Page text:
Norway acts to improve workflow and cut dose

2014 06 24 13 05 29 729 Norway Fjord 200

A pioneering 50,000 euro project that began in the scenic west of Norway in April aims to organize imaging protocols so that examinations can be exchanged efficiently between hospital groups. The scheme is seen as a necessary step to optimize workflow and protect patients from excess radiation exposure.

Starting with gastrointestinal and lung CT and MR protocols, standardization will expand to the prostate in autumn 2014 and the central nervous system in 2015, gradually incorporating other subspecialty areas during its four-year duration and with all CT and MRI protocols due to be standardized by 2018.

Integration between PACS and RIS has been a troublesome journey, but the problems are now resolved, according to Dr. Aslak Aslaksen. Image courtesy of Katherine Ferguson.Integration between PACS and RIS has been a troublesome journey, but the problems are now resolved, according to Dr. Aslak Aslaksen. Image courtesy of Katherine Ferguson.
Integration between PACS and RIS has been a troublesome journey, but the problems are now resolved, according to Dr. Aslak Aslaksen. Image courtesy of Katherine Ferguson.

The purpose of the project is to standardize imaging procedures for technicians in primary centers so that patients don't have to be re-examined in Stavanger and Bergen. The western part of Norway, one of the country's four specialist healthcare regions, comprises four hospital groups along with the university hospitals in Stavanger and Bergen that form secondary regional referral centers for radiation therapy and specialist cancer treatment, including robotic treatment for prostate cancer.

"Suspected cancer patients will present with symptoms, undergo CT or MRI that will confirm disease. Another exam may specify type of cancer and the treatment needed," said Dr. Aslak Aslaksen, head of radiology at Haukeland University Hospital in Bergen, Norway. "The philosophy is that if technical procedures are standardized, patients won't have to undergo procedures again at the university hospital where they are sent for surgical, radiation, or other treatment."

The new standardization in CT and MRI has been specifically requested by the authorities, in line with the European law on radiation protection that states all European radiology departments must optimize exam procedures, a move echoed in the European Society of Radiology (ESR)'s initiative for safe imaging, he explained.

Standardization of protocols will have a positive effect on unnecessary radiation exposure for patients and reduce their time in radiology departments, and this will subsequently ease patient throughput, saving staff time and cutting the government's costs through obviating repeat exams, he continued. There is no straight answer as to how widespread the problem of repeat imaging is because there is no survey or known data on the topic, but Aslaksen cites complaints from physicians and radiologists on the subject of retakes due to inferior images sent from primary care hospitals.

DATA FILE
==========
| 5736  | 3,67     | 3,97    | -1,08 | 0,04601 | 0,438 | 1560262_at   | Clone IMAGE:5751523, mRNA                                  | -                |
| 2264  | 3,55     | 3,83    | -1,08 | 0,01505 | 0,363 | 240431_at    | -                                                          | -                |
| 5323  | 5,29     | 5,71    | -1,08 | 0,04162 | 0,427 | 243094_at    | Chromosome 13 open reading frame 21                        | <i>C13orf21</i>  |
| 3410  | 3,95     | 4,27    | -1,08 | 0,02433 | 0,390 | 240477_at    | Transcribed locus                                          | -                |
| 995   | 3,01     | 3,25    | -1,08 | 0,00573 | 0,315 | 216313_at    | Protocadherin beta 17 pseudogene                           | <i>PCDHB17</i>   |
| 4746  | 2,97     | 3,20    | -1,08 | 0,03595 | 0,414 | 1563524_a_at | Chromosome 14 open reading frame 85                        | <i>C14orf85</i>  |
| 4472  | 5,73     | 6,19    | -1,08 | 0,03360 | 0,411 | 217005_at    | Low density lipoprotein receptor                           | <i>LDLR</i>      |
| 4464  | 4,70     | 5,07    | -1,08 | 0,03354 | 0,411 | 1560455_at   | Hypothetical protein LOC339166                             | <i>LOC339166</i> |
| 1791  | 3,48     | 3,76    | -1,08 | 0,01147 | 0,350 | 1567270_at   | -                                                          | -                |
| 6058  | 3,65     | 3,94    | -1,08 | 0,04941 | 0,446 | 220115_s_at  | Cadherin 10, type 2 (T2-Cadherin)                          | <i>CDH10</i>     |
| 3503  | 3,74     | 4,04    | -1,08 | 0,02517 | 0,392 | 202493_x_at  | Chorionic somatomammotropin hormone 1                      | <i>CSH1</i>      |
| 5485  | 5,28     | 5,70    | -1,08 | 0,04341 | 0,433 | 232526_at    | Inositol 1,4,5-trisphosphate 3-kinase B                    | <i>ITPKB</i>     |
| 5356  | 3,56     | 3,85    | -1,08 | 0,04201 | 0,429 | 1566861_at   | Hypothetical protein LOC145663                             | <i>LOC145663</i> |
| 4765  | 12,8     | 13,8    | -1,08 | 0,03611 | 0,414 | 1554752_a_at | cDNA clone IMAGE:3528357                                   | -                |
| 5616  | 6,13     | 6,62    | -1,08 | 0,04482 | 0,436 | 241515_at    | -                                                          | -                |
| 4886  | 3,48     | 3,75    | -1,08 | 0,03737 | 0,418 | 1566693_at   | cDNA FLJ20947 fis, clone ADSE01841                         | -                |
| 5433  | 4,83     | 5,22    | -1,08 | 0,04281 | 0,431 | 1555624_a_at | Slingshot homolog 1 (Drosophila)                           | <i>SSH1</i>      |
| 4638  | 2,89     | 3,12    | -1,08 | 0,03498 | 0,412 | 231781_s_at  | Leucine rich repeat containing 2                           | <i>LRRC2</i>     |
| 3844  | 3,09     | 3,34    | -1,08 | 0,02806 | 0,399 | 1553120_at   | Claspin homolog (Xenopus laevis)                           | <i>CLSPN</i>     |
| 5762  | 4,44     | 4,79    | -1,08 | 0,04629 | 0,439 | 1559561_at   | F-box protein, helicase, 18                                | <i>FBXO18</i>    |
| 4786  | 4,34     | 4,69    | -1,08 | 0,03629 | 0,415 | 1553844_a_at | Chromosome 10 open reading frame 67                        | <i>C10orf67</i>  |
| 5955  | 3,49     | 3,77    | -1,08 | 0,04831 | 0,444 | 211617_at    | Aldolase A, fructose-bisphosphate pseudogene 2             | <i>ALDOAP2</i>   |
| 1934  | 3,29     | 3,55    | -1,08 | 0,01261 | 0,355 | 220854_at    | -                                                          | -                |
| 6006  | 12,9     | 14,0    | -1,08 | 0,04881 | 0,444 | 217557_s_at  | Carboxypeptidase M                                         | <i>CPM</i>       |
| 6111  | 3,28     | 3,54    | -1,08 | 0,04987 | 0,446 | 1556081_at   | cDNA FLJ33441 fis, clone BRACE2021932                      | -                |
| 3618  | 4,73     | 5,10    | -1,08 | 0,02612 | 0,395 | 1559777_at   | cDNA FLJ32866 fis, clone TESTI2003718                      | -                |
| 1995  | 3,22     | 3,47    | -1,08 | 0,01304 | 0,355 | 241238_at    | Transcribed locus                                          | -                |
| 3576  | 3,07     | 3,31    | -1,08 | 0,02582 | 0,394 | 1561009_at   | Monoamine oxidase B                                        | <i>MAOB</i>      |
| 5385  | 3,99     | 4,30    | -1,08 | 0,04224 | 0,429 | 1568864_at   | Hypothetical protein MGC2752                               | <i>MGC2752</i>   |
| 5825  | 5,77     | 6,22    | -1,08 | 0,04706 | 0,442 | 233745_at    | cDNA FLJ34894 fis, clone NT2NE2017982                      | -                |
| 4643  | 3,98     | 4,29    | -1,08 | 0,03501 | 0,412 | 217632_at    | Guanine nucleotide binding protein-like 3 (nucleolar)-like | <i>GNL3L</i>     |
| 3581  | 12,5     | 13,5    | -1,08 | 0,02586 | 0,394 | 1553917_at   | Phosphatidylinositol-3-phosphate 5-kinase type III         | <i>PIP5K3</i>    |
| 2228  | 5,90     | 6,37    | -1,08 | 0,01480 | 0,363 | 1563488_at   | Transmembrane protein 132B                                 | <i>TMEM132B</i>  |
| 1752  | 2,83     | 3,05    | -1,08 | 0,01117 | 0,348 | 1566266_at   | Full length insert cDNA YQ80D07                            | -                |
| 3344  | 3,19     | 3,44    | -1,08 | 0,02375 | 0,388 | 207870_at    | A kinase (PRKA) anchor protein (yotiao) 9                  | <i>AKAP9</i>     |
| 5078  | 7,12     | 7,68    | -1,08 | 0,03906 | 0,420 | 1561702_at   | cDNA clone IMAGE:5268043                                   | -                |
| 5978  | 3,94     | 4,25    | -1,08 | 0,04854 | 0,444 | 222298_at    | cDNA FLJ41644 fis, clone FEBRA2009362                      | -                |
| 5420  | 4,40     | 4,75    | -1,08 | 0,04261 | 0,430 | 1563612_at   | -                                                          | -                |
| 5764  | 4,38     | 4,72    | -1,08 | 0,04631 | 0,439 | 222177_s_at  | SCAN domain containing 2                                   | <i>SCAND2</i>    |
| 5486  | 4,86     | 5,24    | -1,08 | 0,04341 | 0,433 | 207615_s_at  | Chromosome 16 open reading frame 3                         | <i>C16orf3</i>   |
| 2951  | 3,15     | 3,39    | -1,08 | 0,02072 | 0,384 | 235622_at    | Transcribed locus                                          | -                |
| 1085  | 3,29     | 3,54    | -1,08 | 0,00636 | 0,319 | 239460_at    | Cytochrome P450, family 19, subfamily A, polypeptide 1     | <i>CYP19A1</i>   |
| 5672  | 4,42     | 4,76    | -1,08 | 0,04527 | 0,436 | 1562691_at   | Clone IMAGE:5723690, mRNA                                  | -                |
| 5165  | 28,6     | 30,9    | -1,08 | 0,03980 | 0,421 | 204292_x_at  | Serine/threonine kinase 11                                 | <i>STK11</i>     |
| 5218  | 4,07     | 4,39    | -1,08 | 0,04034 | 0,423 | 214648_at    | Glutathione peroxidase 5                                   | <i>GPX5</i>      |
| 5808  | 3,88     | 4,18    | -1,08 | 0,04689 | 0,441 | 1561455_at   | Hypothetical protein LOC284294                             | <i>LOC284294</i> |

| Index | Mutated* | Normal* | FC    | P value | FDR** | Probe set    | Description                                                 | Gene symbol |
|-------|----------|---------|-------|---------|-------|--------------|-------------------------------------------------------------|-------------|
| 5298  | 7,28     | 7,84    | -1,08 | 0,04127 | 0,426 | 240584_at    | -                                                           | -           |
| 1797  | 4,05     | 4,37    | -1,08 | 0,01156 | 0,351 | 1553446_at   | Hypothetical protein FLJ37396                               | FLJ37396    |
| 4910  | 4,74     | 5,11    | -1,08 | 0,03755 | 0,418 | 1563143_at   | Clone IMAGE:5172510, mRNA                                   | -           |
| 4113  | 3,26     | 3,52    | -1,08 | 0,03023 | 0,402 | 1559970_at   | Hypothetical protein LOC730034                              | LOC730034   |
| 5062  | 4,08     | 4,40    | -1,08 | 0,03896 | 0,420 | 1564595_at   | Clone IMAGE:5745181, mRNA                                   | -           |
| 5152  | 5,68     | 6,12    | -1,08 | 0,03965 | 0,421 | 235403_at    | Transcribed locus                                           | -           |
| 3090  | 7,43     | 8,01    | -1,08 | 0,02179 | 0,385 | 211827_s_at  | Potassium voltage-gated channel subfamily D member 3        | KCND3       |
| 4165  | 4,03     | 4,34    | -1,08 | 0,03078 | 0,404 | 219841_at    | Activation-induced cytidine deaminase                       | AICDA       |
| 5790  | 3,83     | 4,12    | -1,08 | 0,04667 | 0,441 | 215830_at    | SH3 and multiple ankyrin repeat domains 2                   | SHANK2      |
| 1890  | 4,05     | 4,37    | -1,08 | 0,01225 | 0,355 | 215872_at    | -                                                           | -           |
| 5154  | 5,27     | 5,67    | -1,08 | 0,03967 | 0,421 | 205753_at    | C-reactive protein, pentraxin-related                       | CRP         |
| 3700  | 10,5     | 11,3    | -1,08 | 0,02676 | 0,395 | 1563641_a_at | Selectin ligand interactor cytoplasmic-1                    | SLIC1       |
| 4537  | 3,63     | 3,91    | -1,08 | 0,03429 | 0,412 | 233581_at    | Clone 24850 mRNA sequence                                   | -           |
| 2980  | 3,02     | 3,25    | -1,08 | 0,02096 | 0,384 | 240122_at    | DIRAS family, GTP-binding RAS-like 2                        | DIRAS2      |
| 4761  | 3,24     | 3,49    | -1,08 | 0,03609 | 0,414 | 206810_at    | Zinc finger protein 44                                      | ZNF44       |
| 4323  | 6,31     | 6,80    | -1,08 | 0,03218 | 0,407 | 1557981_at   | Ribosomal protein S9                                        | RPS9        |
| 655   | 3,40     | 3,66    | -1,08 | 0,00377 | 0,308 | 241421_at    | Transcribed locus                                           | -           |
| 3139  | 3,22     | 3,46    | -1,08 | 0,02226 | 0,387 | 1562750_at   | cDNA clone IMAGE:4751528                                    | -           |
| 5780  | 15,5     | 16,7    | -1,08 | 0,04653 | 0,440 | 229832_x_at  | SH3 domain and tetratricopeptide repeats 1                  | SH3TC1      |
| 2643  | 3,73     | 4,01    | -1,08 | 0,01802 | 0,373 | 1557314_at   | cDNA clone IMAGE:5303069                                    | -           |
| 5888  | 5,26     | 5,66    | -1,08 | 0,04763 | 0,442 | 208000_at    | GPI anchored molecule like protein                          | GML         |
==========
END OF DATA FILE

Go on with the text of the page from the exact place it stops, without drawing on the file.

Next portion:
The project is the latest facet of the government's aim to reform Norwegian healthcare. The campaign began 10 years ago with its decision to divide healthcare into five -- later, four -- regions rather than let each county control its hospitals, which led to disparate quality in care and in waiting times.

It is hoped that protocol standardization will lead to better coordination between radiology departments and improved patient throughput between small and big hospitals, with a focus on as short a time as possible between diagnosis and treatment.

"Physicians tell us that imaging across primary and university hospitals has often been a bottleneck to treatment, not just because of the time needed for retakes before treatment can begin, but also because of administration time to get the images from one hospital to the other," Aslaksen said. "The government is keen to cut down on initial administration time for image transfer. According to a government announcement three years ago, the only waiting time should be for diagnosis and therapy. This should be less than ten days between GP [general practitioner] referral and diagnosis, and less than 20 days until treatment begins."

A decade ago, west Norway deployed Infobroker, a Finnish software and hardware system to allow the easy exchange of images between the nonmerged PACS across the region's four units. This obviated the slower courier exchange of CDs. The tool is now fully functioning and is in daily use for the transfer of images taken from the region's 1 million residents and is a well- established part of the multilateral drive to shorten times in the "GP referral to treatment" flow.

In the next step, a merged PACS for the region's radiology images is due to be implemented within the next three to five years. The vendor neutral archive project for all medical images began three years ago with nonradiological images. Until then, Infobroker, which is used on a daily basis and has greatly improved workflow, will continue to be used in the state sector, he noted.

Page 1 of 1251
Next Page